• SharesiesSharesies offers buying and selling of all Smartshares’ bond funds with a low minimum investment of just 1 cent.
  • Brokers – Smartshares’ funds are Exchange Traded Funds (ETFs). This means the funds are listed and traded on the sharemarket, just like the shares of an ordinary company. You can use a broker like ASB Securities or Jarden Direct to buy and sell these ETFs through the NZ sharemarket. This requires you to buy a minimum of 100 units for an initial investment into a fund – currently about $130 for the Global Aggregate Bond ETF, or $240 for the S&P/NZX NZ Government Bond ETF.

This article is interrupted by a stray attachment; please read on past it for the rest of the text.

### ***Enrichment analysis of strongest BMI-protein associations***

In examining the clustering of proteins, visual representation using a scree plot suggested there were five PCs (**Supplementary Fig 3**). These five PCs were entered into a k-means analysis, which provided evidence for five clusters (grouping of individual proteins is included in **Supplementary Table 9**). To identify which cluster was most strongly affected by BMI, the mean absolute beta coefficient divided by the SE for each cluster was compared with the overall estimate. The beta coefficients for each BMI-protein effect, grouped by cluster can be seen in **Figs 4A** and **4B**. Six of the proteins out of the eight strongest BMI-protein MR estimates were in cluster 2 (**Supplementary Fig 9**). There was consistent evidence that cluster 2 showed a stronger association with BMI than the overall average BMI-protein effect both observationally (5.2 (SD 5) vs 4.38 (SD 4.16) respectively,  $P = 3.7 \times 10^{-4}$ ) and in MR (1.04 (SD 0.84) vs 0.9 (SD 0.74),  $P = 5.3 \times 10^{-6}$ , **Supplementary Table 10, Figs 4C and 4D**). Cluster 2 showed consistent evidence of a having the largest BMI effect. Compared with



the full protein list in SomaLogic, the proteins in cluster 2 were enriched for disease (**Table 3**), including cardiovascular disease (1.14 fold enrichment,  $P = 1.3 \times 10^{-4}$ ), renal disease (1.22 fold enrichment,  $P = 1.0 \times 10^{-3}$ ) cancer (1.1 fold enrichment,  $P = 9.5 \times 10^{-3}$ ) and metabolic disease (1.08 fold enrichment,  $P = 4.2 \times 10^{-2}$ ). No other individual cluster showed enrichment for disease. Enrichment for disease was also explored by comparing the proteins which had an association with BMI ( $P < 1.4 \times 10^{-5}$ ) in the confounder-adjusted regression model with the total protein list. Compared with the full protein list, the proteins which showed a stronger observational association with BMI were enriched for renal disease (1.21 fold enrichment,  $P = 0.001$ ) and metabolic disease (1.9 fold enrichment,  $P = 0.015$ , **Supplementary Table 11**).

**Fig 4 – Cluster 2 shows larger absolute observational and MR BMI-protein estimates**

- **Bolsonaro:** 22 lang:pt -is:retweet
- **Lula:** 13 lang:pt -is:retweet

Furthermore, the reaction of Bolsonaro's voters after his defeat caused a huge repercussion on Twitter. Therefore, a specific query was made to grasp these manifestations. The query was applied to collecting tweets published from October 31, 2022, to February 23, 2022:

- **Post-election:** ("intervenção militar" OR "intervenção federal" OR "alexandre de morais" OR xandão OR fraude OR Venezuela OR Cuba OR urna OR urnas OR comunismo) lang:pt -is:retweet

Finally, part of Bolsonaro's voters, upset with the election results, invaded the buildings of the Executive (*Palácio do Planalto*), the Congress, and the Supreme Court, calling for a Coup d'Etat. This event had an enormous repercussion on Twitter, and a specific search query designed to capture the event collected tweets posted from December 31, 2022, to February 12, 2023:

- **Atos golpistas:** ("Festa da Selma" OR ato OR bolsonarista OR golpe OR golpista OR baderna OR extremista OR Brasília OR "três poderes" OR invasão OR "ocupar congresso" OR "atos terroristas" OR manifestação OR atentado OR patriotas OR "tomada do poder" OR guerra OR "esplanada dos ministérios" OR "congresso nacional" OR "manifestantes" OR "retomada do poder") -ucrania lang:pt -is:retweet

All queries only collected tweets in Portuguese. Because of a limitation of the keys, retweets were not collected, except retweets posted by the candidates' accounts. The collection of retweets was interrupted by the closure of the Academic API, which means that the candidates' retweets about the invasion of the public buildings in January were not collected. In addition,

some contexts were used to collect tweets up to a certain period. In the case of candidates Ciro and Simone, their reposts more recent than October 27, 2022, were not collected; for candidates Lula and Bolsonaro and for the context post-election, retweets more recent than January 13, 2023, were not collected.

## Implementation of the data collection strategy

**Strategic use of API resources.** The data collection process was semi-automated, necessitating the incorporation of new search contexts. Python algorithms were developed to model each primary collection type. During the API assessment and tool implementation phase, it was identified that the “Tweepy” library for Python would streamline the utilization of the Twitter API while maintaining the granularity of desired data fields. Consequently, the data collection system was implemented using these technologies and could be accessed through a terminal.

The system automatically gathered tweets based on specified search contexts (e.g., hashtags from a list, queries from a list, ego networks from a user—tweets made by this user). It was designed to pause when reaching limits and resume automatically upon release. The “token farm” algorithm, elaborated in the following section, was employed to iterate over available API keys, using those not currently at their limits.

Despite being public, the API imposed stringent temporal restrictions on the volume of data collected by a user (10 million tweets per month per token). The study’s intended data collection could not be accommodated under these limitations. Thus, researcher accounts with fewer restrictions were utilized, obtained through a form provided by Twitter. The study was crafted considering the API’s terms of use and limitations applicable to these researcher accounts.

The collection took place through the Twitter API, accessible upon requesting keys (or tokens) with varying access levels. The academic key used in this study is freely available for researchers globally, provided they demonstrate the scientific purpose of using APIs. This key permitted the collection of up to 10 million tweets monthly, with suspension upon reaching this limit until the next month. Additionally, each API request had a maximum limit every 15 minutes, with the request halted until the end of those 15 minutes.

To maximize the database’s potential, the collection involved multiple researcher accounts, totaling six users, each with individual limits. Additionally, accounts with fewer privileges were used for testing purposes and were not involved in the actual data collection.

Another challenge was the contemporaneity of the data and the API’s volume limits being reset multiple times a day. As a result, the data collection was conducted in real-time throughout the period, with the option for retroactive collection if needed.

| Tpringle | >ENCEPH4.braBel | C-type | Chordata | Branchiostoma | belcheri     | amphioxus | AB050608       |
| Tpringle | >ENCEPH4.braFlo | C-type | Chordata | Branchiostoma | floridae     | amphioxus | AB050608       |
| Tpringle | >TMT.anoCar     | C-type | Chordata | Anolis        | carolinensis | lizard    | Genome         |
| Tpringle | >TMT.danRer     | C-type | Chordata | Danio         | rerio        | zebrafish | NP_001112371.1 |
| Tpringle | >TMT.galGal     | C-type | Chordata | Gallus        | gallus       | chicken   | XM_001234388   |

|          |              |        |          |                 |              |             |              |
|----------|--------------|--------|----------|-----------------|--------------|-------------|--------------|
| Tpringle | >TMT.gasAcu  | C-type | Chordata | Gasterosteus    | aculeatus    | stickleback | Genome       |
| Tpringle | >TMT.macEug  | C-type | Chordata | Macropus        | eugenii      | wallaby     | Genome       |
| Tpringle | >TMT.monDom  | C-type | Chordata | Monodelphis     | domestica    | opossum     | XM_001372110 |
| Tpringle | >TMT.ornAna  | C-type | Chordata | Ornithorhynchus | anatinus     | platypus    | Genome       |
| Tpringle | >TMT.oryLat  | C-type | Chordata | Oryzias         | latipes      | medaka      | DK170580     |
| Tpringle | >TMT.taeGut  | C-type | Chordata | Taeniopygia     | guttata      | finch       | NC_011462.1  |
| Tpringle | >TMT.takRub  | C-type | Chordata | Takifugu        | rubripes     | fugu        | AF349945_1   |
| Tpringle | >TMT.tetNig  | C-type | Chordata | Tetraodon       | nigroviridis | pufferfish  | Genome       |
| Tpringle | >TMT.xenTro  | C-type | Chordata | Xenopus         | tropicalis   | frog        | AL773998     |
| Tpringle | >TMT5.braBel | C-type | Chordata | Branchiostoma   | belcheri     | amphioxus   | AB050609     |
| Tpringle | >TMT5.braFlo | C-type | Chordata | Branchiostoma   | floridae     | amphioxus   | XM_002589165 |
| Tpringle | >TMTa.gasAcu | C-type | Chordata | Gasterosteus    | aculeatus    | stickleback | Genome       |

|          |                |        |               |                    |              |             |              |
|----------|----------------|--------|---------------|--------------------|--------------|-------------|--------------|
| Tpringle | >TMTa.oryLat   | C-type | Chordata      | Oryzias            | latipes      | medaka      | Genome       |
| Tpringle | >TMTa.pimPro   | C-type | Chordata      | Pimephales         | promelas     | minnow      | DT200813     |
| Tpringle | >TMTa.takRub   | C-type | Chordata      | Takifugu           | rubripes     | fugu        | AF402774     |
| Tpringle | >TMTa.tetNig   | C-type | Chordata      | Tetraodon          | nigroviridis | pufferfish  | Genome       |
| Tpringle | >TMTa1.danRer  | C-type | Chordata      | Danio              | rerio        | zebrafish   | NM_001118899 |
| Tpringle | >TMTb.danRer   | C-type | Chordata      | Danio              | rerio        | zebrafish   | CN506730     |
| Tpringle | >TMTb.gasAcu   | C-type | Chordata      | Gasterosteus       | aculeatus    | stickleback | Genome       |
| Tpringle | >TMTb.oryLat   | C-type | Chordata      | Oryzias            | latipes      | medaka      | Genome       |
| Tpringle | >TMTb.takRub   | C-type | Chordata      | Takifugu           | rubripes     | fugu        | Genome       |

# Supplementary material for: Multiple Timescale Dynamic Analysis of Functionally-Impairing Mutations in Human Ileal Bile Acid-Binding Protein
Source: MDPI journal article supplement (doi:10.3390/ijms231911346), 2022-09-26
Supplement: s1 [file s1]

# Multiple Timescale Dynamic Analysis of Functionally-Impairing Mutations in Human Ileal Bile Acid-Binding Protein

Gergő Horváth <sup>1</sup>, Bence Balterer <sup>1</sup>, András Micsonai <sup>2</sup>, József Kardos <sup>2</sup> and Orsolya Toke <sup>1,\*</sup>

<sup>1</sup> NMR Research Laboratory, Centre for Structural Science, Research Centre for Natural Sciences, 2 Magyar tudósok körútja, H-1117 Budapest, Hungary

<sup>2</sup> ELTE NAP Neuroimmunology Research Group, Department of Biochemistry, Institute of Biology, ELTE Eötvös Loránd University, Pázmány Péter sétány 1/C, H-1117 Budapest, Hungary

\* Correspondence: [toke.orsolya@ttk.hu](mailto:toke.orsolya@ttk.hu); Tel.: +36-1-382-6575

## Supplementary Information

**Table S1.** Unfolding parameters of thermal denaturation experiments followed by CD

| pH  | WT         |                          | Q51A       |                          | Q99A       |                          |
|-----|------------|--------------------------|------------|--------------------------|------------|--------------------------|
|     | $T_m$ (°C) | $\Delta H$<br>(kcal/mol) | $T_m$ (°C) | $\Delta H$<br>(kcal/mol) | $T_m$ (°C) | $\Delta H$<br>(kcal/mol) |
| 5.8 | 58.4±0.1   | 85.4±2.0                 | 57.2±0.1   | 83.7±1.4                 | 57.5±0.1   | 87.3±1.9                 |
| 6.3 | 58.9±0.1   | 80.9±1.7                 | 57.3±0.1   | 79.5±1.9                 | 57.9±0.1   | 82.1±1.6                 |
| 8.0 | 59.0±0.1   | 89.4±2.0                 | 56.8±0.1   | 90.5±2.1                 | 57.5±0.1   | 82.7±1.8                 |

The fees for each channel are:

Smartshares (direct)A $30 Establishment fee applies if you’re investing directly through Smartshares for the first time.
InvestNowNo other fees apply, apart from the above Fund Management Fees.
SharesiesA brokerage fee of 0.5% on orders up to $3,000, then 0.1% on any amounts above $3,000, applies to buying or selling any Smartshares ETFs.
BrokersBrokers charge brokerage fees every time you buy and sell shares. This fee can be quite expensive, starting at $15, so investing in Smartshares ETFs through brokers is probably not an ideal strategy for investing at a small scale.

Other fees

Spreads are charged whenever you buy or sell units in Smartshares’ funds. When buying units you pay a small premium over the unit price, and when selling the units you sell them at a slight discount to the unit price.